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good to great design

Decoding: What is good design?

Decoding: What is good design?

I will say that this phrase makes me chuckle a bit now. While I do believe, generally speaking, that the premise and the intentions behind the use of the phrase “good design” by myself and colleagues in the communication design industry is pure and honest to mean something more like design that is “useful, functional, brilliantly thought out, expertly executed”.

I now have a decade of perspective on an industry that has seen oodles of changes including the careful word choice when critiquing design. Also, writing this blog has made me take a critical look at my word choice and what my readers may learn from the language I use. I am often concerned maybe overly concerned that people will genuinely understand the message I am trying to convey through words alone.

With that said, I now understand why the use of the phrase “good design” brings an enormous amount of frustration to readers across the blog-o-sphere or maybe worse no reaction at all. You know, the kind of reaction where your eyes glaze over and you tune out the next few paragraphs. Perhaps you will not be quick to judge and disqualify a trusted authority and hear me out.

People don’t want to be good they want to be great, excellent, clever, inspiring and brilliant. They want to create products that influence people make their lives better. They want to inspire a movement with a new product or service and through a deeper level of strategy they want to invoke classic, iconic, and deep excitement from within the end user of the design.

Here are a few of my design truths:

TRUTH: design can be great

People want design to inspire people to connect, clarify a problem, improve a product, explain a new concept, create action and forward movement or communicate value. The use of the word good next to ‘design’ in any industry whether graphic, product, architectural or others, does no one a favor and certainly not the innovators of our world. People of the world want ‘great’ design, great products not just ‘good’ ones.

TRUTH: no design is perfect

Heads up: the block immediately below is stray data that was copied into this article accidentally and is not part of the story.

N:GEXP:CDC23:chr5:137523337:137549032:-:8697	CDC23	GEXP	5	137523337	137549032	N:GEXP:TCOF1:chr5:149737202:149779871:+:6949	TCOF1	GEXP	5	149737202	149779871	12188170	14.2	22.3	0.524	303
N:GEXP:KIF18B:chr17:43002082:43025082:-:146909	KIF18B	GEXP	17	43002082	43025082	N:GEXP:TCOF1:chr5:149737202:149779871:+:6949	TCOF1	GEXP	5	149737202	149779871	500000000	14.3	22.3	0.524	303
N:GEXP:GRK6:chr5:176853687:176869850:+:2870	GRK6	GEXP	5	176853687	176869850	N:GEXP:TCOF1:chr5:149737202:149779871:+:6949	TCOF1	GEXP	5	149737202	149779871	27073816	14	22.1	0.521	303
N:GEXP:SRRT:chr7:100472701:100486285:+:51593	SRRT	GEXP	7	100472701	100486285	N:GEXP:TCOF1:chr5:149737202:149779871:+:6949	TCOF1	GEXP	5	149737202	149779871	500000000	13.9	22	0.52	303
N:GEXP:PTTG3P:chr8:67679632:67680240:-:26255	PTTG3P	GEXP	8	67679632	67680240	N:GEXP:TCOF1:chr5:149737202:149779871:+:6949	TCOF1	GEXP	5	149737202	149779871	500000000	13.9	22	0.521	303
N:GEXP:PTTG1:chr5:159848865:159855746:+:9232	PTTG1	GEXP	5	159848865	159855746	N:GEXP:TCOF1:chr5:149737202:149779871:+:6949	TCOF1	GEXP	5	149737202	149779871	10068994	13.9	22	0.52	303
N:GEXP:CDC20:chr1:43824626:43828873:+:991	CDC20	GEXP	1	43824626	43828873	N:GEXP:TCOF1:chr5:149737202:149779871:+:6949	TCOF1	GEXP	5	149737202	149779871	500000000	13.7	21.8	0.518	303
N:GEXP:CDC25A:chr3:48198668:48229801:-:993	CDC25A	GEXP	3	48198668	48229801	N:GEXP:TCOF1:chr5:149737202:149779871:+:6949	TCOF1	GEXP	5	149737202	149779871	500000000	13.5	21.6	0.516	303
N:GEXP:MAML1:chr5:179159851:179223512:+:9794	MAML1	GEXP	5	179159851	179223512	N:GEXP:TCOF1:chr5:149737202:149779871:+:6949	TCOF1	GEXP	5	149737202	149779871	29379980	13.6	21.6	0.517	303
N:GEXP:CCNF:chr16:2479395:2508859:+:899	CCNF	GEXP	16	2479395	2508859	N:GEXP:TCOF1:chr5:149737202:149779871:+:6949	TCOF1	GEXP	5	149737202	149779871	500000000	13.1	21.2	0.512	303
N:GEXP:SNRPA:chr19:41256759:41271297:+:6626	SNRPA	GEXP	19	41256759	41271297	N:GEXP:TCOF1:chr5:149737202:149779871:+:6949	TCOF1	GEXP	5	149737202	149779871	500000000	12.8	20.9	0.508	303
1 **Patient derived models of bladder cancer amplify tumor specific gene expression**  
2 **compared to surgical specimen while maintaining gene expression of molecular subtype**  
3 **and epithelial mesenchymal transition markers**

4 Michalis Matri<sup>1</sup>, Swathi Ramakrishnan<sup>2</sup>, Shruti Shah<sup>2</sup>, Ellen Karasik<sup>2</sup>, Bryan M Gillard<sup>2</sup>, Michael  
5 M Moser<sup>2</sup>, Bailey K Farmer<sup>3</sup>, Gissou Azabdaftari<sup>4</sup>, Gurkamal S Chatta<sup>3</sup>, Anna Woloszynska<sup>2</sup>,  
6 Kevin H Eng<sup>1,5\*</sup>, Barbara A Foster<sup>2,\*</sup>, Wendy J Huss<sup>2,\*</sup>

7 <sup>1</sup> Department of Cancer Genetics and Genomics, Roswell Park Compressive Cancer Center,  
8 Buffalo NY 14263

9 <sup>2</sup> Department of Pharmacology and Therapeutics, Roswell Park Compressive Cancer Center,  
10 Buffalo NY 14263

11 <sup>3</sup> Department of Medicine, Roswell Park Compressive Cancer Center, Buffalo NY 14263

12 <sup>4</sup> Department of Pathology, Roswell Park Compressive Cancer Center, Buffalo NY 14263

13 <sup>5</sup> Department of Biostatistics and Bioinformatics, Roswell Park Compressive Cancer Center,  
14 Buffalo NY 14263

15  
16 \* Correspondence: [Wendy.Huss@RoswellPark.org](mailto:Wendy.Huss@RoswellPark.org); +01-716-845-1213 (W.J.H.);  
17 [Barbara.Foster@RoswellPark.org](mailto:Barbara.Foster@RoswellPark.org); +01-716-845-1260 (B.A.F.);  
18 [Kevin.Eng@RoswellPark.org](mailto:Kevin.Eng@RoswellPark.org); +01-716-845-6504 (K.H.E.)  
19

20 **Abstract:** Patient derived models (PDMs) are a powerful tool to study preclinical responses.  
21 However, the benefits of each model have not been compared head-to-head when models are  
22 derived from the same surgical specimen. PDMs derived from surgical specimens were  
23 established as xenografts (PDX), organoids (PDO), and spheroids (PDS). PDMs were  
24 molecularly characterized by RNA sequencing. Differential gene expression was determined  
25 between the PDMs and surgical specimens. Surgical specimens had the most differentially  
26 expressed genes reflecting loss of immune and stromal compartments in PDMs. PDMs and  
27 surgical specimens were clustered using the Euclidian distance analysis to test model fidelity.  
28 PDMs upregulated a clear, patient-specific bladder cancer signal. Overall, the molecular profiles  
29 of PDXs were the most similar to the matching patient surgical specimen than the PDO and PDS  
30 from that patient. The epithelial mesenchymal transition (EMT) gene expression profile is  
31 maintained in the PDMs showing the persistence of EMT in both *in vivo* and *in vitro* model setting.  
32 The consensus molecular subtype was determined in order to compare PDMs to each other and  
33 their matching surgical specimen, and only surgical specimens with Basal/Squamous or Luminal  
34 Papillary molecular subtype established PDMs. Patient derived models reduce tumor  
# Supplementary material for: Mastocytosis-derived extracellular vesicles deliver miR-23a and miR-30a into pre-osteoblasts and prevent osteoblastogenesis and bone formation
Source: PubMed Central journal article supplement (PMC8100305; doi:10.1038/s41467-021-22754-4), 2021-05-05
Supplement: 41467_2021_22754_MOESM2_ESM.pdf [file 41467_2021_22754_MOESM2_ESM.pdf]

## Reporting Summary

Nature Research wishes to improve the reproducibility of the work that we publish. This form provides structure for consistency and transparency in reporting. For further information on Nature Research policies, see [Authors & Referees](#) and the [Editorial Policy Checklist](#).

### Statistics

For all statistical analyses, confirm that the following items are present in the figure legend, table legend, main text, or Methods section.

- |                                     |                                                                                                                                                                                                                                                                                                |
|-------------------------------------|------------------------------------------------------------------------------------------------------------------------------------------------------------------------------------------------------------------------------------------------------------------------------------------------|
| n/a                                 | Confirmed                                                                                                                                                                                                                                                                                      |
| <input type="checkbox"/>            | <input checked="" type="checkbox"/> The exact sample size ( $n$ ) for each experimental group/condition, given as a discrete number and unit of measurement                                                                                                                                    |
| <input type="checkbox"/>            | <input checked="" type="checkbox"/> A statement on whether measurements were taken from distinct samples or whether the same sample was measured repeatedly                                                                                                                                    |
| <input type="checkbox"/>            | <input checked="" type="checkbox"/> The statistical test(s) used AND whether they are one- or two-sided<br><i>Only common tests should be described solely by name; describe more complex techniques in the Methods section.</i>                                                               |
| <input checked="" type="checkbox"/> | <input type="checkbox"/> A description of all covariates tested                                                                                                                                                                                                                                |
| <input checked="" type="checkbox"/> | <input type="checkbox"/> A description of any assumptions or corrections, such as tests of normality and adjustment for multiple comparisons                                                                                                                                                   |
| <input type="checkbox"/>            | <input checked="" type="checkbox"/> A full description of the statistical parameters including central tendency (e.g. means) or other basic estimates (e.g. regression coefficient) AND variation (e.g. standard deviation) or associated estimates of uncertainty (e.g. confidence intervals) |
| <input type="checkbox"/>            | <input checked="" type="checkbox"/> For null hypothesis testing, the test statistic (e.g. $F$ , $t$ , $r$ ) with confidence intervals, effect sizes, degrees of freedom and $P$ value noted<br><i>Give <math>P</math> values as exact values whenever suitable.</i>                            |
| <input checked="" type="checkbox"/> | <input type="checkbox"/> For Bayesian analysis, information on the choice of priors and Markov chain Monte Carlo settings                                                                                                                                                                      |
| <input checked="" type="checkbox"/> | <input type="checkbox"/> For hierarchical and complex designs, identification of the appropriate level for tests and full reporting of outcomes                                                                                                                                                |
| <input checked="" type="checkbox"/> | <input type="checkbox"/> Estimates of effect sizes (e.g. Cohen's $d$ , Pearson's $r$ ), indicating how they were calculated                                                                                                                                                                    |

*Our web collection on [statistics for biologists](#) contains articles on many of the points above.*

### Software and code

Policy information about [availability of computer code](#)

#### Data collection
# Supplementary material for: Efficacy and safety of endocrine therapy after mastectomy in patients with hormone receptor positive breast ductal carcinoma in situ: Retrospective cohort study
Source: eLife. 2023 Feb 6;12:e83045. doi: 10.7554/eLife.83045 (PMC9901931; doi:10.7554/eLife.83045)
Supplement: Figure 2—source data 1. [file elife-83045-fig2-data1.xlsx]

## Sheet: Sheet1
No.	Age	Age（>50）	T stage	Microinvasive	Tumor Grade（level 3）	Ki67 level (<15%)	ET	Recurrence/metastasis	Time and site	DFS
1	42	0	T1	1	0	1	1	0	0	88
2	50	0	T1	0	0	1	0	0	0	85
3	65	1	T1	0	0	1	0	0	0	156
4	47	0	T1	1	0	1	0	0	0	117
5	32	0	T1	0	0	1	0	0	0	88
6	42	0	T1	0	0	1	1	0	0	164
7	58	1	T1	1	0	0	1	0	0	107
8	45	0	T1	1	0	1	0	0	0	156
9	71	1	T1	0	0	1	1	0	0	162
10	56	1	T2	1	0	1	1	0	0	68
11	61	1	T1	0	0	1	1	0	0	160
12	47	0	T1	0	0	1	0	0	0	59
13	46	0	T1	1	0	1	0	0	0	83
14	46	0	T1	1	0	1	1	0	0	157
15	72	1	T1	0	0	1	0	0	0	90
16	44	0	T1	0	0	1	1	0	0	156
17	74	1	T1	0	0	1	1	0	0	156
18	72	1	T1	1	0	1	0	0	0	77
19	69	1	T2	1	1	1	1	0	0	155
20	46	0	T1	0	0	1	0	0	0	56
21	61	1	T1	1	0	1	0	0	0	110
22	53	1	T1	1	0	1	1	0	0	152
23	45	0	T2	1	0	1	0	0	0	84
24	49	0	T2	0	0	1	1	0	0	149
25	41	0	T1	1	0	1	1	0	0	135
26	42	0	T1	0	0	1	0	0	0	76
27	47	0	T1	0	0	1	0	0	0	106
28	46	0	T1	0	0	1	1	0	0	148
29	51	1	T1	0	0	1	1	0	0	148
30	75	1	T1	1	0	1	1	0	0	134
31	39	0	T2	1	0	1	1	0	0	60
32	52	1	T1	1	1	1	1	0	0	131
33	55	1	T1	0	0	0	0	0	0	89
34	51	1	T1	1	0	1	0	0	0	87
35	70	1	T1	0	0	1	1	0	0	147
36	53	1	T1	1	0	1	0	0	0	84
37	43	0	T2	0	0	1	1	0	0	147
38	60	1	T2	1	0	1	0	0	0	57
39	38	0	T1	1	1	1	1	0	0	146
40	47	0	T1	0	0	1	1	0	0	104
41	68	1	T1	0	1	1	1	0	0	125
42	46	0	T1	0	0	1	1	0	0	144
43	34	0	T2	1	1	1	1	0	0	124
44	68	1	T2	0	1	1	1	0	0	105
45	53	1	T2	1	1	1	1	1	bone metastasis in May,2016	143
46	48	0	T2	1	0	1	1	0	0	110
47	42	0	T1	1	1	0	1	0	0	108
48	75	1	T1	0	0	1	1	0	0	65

Since we can probably all agree that no design is perfect and there is always room for improvement design as Steve Jobs once said, “real artists ship”. Designers have to stop the process and use the work and test the waters. The designer and client have to agree and decide when a design is viable in the market place and when it is time to “ship it” out into the universe.

TRUTH: the design process is full of compromise

Designers work with and for people to solve problems. Project constraints, human interactions, negotiations, budgets, time lines, resources, committees and other external social factors all play into the process of give and take. This means that ultimately compromise must be reached to achieve the best design within all of these negotiated constraints and factors. This is where a designer will show their muscle and flex their skills by guiding a client to focus and prioritize the most important aspects of the project (content, functionality, features and so forth) to reach closure or pause of the process.

TRUTH: great design is determined by varied people and criteria – it depends on who is asked

Who’s standards of “good” are you trying to meet? Is it the small business owners standards, is it your target audience beliefs, is it your competitors views or is it your financial investors personal preferences? Who is in control of the standards of what good is and what defines greatness? This is a critically important point in reaching the peak of design greatness with your designer.

I believe that it should be your audience who holds the secret sauce to claiming power to decide how ‘great design’ is defined. If you are looking for a known checklist of items to succeed at achieving ‘great design’ you will not find one that is trusted or accurate. There are too many factors influencing a business, a service or a products design potential.

TRUTH: design without principles endangers the integrity of the design

Having clear goals and principles to guide your decisions will insure that your designer will try at best to uphold the integrity of the final deliverable. Let me use the analogy of a road trip. You know you are going on a trip to Chicago from Atlanta in a automobile. Your destination and goal is Chicago. Your principles are the road map or your GPS system to see the plan or path you will take. The automobile is your designer. If the designer doesn’t reference the goal and the map the automobile will either drive off the planned course or take a pit stop at a local gas station to get back on track. You see, the lack of principles will endanger the journey and possibly the integrity of the project or business causing delays, friction, a possible halt of the team. I think you get my point – right? If the principles and purpose of the project are skewed the integrity of the design may weaken. You might be driving a an automobile with the wrong kind of gas in the tank.

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